The fundamental technologies that have made 5G possible are unequivocally massive MIMO (multiple-input multiple-output) and millimeter wave (mmWave) technologies. Without these two technologies there would be no 5G network as we now know it.
The two men, who were the key architects behind these fundamental technologies for 5G, have been leading one of the premier research institutes in mobile telephony since 2012: NYU Wireless, a part of NYU's Tandon School of Engineering.
Ted RappaportNYU Wireless
Ted Rappaport is the founding director of NYU Wireless, and one of the key researchers in the development of mmWave technology. Rappaport also served as the key thought leader for 5G by planting the flag in the ground nearly a decade ago that argued mmWave would be a key enabling technology for the next generation of wireless. His earlier work at two other wireless centers that he founded at Virginia Tech and The University of Austin laid the early groundwork that helped NYU Wireless catapult into one of the premier wireless institutions in the world.
Thomas Marzetta, who now serves as the director of NYU Wireless, was the scientist who led the development of massive MIMO while he was at Bell Labs and has championed its use in 5G to where it has become a key enabling technology for it.These two researchers, who were so instrumental in developing the technologies that have enabled 5G, are now turning their attention to the next generation of mobile communications, and, according to them both, we are facing some pretty steep technical challenges to realizing a next generation of mobile communications.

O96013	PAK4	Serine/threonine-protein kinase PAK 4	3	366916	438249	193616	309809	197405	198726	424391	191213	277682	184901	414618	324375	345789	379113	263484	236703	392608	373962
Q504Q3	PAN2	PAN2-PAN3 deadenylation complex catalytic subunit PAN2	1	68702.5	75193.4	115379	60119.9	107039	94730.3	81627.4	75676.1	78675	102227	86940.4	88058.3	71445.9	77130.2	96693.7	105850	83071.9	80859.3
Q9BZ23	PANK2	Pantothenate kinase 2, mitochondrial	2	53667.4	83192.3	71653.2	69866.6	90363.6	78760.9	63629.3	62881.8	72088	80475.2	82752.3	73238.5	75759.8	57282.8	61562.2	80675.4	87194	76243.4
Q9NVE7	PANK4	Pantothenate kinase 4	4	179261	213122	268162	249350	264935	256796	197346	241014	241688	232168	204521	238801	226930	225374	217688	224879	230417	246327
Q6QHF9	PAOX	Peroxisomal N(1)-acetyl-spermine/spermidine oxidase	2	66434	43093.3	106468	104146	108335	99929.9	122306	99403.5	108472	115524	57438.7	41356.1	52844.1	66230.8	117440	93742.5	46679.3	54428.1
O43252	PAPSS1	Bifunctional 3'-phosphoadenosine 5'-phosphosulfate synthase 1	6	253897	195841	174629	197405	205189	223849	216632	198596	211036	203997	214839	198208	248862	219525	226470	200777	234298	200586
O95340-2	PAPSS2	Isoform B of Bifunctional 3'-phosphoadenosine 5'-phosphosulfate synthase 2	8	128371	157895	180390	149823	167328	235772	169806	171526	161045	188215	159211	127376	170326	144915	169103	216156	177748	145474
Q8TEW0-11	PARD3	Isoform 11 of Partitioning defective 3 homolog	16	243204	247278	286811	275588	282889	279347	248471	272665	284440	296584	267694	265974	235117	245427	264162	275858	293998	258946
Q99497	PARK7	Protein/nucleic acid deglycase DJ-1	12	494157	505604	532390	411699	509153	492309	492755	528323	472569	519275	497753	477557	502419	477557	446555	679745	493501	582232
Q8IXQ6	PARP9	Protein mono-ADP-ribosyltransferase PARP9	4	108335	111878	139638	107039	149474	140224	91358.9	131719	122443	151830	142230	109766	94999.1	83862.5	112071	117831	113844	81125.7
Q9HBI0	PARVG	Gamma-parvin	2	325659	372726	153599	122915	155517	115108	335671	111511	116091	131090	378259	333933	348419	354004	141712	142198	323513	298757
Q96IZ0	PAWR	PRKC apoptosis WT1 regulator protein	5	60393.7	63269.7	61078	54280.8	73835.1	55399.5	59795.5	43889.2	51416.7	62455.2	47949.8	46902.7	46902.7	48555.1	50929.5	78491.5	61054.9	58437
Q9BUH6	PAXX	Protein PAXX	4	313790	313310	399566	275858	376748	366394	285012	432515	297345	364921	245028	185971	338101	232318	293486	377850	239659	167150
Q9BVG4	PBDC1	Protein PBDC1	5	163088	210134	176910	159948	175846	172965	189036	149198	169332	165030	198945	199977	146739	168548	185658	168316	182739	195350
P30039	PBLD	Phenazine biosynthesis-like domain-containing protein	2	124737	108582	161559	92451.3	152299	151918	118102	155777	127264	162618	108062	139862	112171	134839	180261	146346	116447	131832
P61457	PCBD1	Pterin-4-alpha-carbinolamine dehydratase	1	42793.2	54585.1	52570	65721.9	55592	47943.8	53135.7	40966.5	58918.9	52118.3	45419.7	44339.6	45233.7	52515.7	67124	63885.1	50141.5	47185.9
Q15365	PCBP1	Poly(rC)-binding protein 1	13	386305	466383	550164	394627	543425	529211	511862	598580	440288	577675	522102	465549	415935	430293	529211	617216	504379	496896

"Ten years ago, Ted was already pushing mobile mmWave, and I at Bell Labs was pushing massive MIMO," said Marzetta. "So we had two very promising concepts ready for 5G. The research concepts that the wireless community is working on for 6G are not as mature at this time, making our focus on 6G even more important."
This sense of urgency is reflected by both men, who are pushing against any sense of complacency that may exist in starting the development of 6G technologies as soon as possible. With this aim in mind, Rappaport, just as he did 10 years ago, has planted a new flag in the world of mobile communications with his publication last year of an article with the IEEE, entitled "Wireless Communications and Applications Above 100 GHz: Opportunities and Challenges for 6G and Beyond"